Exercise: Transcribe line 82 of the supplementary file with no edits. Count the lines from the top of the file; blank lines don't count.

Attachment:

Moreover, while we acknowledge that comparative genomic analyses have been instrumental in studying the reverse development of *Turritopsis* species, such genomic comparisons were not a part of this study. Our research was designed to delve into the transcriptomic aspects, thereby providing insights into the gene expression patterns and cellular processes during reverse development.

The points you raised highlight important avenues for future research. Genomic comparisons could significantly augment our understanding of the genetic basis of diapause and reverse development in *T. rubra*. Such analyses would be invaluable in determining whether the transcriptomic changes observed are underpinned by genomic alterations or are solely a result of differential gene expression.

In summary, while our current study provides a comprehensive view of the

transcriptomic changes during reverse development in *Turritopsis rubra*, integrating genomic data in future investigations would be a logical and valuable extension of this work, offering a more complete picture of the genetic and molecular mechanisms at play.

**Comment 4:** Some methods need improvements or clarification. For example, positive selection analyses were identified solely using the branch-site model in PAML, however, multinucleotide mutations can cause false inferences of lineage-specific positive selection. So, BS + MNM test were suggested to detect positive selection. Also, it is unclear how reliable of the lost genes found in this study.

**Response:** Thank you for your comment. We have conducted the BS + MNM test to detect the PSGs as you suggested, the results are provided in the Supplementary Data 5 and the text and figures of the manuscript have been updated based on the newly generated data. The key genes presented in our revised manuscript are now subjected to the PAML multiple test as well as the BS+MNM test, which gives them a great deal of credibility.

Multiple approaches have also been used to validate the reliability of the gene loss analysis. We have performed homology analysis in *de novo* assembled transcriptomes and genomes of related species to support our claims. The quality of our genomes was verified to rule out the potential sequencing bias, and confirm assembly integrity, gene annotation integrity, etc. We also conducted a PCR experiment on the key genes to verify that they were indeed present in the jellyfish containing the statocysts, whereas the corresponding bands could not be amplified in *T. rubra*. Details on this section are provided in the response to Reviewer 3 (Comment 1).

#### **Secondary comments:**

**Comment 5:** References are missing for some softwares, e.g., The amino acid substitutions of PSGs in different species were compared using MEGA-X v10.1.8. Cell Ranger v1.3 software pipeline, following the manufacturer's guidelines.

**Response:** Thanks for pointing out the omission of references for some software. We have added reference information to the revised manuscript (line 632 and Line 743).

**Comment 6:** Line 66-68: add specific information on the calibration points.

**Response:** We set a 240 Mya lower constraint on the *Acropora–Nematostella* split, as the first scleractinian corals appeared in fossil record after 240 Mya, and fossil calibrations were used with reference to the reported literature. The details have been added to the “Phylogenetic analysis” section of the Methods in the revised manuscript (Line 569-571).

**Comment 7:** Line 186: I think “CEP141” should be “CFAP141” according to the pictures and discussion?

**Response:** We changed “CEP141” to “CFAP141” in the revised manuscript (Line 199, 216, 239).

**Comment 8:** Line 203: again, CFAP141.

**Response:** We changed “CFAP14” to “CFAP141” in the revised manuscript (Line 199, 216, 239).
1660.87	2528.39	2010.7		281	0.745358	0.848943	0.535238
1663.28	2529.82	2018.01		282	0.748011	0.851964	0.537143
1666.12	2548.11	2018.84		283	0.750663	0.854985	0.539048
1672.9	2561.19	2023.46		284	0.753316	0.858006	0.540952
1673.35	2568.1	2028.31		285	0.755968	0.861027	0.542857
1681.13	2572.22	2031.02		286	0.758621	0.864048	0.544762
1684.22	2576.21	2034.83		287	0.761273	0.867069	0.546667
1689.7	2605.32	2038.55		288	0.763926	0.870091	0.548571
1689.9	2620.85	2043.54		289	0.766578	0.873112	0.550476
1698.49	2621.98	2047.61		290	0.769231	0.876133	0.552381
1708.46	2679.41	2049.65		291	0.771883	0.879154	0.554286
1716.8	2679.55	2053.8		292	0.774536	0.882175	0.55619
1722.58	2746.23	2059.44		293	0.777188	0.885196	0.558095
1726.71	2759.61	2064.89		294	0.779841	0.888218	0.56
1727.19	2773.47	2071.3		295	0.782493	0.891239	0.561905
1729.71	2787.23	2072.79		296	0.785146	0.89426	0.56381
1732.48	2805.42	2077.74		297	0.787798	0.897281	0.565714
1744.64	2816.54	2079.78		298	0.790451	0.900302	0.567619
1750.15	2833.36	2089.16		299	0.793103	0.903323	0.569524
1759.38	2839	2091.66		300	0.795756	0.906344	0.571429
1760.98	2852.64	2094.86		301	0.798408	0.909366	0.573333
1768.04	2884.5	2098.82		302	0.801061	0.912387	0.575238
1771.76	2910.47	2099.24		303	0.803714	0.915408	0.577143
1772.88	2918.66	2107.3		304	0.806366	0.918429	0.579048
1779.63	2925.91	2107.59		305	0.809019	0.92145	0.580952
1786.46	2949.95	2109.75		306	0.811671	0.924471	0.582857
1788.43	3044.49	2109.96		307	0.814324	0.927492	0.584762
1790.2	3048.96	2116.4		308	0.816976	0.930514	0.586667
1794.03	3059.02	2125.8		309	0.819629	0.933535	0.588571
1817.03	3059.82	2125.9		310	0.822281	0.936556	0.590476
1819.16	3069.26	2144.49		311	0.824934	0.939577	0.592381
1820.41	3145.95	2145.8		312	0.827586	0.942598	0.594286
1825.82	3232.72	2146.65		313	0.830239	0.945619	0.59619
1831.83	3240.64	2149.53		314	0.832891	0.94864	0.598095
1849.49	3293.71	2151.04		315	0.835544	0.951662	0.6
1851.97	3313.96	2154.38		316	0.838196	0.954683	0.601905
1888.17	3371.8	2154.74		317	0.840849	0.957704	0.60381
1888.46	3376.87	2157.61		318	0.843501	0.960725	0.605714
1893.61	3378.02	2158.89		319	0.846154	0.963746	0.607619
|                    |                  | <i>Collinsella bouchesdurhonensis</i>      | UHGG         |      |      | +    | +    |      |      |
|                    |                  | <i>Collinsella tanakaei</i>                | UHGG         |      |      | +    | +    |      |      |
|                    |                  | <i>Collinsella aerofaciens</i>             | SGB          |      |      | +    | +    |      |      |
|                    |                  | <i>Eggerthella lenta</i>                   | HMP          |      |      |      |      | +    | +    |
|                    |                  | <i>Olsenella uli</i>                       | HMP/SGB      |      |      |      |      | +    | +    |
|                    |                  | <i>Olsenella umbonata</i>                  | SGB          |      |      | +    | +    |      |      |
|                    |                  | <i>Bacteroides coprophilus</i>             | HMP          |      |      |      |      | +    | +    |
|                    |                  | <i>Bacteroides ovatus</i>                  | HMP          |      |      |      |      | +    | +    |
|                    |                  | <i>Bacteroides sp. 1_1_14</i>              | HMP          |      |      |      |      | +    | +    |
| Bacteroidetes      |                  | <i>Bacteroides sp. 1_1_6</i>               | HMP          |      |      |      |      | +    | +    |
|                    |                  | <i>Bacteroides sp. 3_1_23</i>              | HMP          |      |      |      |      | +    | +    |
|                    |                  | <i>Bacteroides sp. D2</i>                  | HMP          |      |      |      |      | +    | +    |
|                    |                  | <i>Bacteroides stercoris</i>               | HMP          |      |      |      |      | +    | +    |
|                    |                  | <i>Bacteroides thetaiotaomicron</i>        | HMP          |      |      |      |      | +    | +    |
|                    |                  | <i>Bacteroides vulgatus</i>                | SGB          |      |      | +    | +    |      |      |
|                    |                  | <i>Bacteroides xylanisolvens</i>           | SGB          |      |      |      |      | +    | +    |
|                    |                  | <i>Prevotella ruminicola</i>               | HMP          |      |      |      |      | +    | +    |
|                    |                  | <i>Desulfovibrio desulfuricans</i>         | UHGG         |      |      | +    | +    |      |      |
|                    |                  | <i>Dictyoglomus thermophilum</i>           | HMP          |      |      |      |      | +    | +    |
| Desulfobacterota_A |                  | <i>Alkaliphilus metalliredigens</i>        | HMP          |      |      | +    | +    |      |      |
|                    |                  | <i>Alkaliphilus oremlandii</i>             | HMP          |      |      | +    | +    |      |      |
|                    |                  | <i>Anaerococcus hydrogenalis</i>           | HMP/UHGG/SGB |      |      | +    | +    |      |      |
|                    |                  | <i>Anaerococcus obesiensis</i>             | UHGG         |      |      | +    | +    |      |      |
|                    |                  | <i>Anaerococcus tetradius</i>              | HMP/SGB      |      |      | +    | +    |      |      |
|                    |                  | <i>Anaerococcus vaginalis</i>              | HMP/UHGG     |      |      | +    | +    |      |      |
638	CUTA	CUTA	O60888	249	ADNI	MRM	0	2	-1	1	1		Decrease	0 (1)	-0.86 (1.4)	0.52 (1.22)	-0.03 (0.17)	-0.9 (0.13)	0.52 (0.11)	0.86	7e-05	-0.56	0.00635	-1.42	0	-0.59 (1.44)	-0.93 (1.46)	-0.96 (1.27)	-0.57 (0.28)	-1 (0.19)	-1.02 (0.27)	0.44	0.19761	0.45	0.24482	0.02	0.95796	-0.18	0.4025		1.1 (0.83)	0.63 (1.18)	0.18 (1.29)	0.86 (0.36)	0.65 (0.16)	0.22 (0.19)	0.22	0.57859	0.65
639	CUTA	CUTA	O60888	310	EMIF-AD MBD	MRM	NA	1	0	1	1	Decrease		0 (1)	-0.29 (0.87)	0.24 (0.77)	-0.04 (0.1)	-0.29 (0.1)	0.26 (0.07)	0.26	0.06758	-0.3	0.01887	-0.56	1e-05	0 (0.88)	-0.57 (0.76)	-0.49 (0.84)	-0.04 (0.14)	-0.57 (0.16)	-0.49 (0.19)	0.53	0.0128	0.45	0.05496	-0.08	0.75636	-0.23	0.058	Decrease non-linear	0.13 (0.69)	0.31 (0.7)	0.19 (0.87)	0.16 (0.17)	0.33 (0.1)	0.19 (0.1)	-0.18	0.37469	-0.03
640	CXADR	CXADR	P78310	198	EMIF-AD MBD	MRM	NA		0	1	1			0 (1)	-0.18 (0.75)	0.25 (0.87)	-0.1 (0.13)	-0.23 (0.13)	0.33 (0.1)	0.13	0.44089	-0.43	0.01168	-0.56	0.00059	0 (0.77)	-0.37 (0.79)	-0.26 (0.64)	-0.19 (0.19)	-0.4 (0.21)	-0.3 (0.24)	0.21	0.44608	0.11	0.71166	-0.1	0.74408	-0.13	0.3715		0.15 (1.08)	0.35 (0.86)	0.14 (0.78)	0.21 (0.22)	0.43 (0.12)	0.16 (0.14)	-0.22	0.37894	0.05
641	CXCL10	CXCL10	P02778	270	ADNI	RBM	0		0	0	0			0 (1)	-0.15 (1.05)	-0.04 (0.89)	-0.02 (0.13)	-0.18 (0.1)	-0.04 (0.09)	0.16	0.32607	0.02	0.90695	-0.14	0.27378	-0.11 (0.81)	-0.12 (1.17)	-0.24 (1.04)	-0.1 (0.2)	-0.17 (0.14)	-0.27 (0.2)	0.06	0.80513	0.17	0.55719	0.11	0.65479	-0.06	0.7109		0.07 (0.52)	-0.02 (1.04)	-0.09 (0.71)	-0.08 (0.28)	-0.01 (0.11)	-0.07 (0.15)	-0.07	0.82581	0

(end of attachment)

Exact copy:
639	CUTA	CUTA	O60888	310	EMIF-AD MBD	MRM	NA	1	0	1	1	Decrease		0 (1)	-0.29 (0.87)	0.24 (0.77)	-0.04 (0.1)	-0.29 (0.1)	0.26 (0.07)	0.26	0.06758	-0.3	0.01887	-0.56	1e-05	0 (0.88)	-0.57 (0.76)	-0.49 (0.84)	-0.04 (0.14)	-0.57 (0.16)	-0.49 (0.19)	0.53	0.0128	0.45	0.05496	-0.08	0.75636	-0.23	0.058	Decrease non-linear	0.13 (0.69)	0.31 (0.7)	0.19 (0.87)	0.16 (0.17)	0.33 (0.1)	0.19 (0.1)	-0.18	0.37469	-0.03